Wednesday, November 25, 2009

The Plundering of Ontario

The City Journal reports on the sorry situation of California:

"The economy is struggling, the unemployment rate is high, and many Americans are struggling to pay the bills, but one class of Americans is doing quite well: government workers. Their pay levels are soaring, they enjoy unmatched benefits, and they remain largely immune from layoffs, except for some overly publicized cutbacks around the margins".
The situation in Ontario is not much different. The provincial government publishes the list of public employees who make more than $100k/year. With the last data available, this includes a mind boggling 53,300+ employees.

These employees (only those in the list) make a combined salary of over $6.9B, plus $59M in benefits.

The top 40 and the bottom 40 people in this list are shown below (names deleted, but they are publicly available at the site above). Please click to enlarge each list (last column shows taxable benefits, which are added to their salaries):

There are over 53,300 names that go in-between those two lists above.

The lists included thousands of firefighters, police officers, and common employees of Ontario Power Generation, among many others. It seems most people there make over $100k/ year.

For some reason the list does not include people in Ottawa's OC Transpo (bus drivers), where many also make huge salaries.

In the meantime, the province's deficit has ballooned to an expected 24.7B this year, according to its own Finance minister.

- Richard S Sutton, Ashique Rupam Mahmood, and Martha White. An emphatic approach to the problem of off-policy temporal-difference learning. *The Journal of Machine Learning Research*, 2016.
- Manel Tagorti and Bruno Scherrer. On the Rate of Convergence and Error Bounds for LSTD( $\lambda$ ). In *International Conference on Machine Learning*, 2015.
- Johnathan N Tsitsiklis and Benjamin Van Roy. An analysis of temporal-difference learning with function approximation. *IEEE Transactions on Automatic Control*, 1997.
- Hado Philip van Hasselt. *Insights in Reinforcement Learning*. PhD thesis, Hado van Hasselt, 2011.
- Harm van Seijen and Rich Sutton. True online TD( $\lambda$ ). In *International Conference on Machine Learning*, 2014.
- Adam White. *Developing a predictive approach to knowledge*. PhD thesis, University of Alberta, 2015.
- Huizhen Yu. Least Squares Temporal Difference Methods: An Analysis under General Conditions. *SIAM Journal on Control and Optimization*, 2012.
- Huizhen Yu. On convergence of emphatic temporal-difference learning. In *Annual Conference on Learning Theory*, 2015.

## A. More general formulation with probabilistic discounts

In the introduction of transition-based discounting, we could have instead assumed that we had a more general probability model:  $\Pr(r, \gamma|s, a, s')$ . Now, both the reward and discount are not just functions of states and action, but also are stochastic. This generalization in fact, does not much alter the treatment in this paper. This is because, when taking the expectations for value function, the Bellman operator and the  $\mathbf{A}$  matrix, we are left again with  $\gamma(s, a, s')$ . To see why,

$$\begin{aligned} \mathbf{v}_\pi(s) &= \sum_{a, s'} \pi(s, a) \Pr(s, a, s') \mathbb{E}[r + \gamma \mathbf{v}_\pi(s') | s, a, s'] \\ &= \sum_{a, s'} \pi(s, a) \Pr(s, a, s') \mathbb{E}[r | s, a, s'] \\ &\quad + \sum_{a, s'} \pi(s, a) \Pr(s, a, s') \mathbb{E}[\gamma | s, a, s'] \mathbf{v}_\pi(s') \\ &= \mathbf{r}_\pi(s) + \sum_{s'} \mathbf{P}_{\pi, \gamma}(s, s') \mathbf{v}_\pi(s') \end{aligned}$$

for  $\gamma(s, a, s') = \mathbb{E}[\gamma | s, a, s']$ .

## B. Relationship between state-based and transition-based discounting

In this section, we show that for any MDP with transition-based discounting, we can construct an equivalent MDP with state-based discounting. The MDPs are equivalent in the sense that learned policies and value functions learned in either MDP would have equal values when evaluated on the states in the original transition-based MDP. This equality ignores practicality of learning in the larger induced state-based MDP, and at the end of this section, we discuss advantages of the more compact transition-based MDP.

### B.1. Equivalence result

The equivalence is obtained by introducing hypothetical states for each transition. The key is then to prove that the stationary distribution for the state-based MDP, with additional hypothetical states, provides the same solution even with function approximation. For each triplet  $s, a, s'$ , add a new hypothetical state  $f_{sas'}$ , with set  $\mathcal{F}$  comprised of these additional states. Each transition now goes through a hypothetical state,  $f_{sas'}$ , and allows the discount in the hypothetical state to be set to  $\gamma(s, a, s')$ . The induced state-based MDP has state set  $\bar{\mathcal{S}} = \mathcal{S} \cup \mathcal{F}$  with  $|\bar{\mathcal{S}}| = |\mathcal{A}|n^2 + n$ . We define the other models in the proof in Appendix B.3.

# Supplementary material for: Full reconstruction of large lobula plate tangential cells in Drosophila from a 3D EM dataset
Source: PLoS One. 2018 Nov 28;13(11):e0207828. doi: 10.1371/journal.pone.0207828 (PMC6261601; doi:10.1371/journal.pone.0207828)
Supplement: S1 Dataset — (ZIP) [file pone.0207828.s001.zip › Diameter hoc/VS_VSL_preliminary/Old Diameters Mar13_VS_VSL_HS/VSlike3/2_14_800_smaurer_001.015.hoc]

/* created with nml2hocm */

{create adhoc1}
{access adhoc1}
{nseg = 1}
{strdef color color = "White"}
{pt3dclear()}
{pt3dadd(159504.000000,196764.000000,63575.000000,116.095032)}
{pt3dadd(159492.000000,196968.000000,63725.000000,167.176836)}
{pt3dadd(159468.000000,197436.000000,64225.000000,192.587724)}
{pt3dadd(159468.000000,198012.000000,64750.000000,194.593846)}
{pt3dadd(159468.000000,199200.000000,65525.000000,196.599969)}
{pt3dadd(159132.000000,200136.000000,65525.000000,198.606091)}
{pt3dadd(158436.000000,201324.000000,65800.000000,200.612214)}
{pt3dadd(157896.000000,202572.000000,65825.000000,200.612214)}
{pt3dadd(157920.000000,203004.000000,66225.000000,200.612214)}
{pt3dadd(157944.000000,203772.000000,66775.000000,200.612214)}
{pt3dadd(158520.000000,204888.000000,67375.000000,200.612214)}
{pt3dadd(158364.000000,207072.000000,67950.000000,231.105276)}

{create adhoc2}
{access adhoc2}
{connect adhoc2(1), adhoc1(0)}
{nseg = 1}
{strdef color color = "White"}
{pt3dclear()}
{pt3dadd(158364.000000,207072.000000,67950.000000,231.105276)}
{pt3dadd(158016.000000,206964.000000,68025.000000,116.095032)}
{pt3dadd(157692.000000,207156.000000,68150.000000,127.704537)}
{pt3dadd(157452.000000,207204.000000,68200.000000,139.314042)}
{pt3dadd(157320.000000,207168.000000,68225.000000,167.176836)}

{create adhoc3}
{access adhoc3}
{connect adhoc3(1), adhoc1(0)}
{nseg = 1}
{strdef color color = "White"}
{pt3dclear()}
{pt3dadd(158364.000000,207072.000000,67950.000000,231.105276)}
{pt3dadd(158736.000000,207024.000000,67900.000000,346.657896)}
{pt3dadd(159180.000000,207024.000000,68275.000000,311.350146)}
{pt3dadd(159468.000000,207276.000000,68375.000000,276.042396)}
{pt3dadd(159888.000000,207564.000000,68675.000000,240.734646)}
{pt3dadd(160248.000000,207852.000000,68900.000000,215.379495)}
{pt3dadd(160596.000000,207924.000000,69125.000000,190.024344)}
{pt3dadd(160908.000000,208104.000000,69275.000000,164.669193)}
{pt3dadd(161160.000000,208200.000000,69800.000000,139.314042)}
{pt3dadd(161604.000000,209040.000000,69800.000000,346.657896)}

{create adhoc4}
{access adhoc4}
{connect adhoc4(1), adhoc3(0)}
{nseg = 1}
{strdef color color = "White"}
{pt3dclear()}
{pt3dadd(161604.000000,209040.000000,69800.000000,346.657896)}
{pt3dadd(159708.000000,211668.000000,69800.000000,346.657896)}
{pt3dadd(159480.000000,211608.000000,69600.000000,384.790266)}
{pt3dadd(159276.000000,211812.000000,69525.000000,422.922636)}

This debt will never be repaid. This province is as insolvent as California. These politicians know that sooner or later this situation will explode, most likely it will be for Ontario's children to pay the price.

What a crime.

You can download the entire comma-separated file here in zip format.

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Paul said...

A selected few OPG employees remain near the top year after year. I don't know how we're accepting this in Ontario. Since I don't see how OPG is more important or their people perform more difficult duties than say hospital or police chiefs.

Paul said...

Another note, why is the OPG CEO only paying like $9k of tax?! and so are most of the ones at the top of the list??? I am paying more tax than these folks with my puny salary!

The Shocked Investor said...
This comment has been removed by the author.
The Shocked Investor said...

Governments (it's not only Provincial) seem unable and unwilling to put a stop to this. The situation in Ottawa is horrible as well, where a bunch of councillors exhibit the same weak behavior with municipal employees. They keep raising and raising taxes and are not willing to cut the fat.

The column where the $9k is are taxable benefits, on top if his salary they charge extra for expenses.

Paul said...

right, taxable benefits not taxes paid. my bad! thanks for the clarification.

they would "never" cut their fat, it's better to burn the faceless population than burning your friends when you're just in office for a few years. Your political friends are the connections that you'll need after you're out of office to pull strings with.

tech98 said...

Their pay levels are soaring, they enjoy unmatched benefits, and they remain largely immune from layoffs, except for some overly publicized cutbacks around the margins".

I'm sick of reading smug bull like this in business-oriented media that are strangely silent on the obscene paychecks of corporate executives.

I work in the California public university system, and just took a 7% pay cut. There have been several rounds of layoffs, and cutbacks in needed capital expenditures. My pay is 25-30% less than my counterparts in the private sector, and we do more with less people than my previous corporate employer. There is more stability, less bureaucracy than the corporate world (yes, really) and other non-monetary compensations that make it worthwhile for me to stay here, but it's not about money and benefits.

There are some executives, police and firemen who make outsize paychecks and benefits, but to portray all public sector employees as riding a lucrative gravy train is lazy stereotyping.

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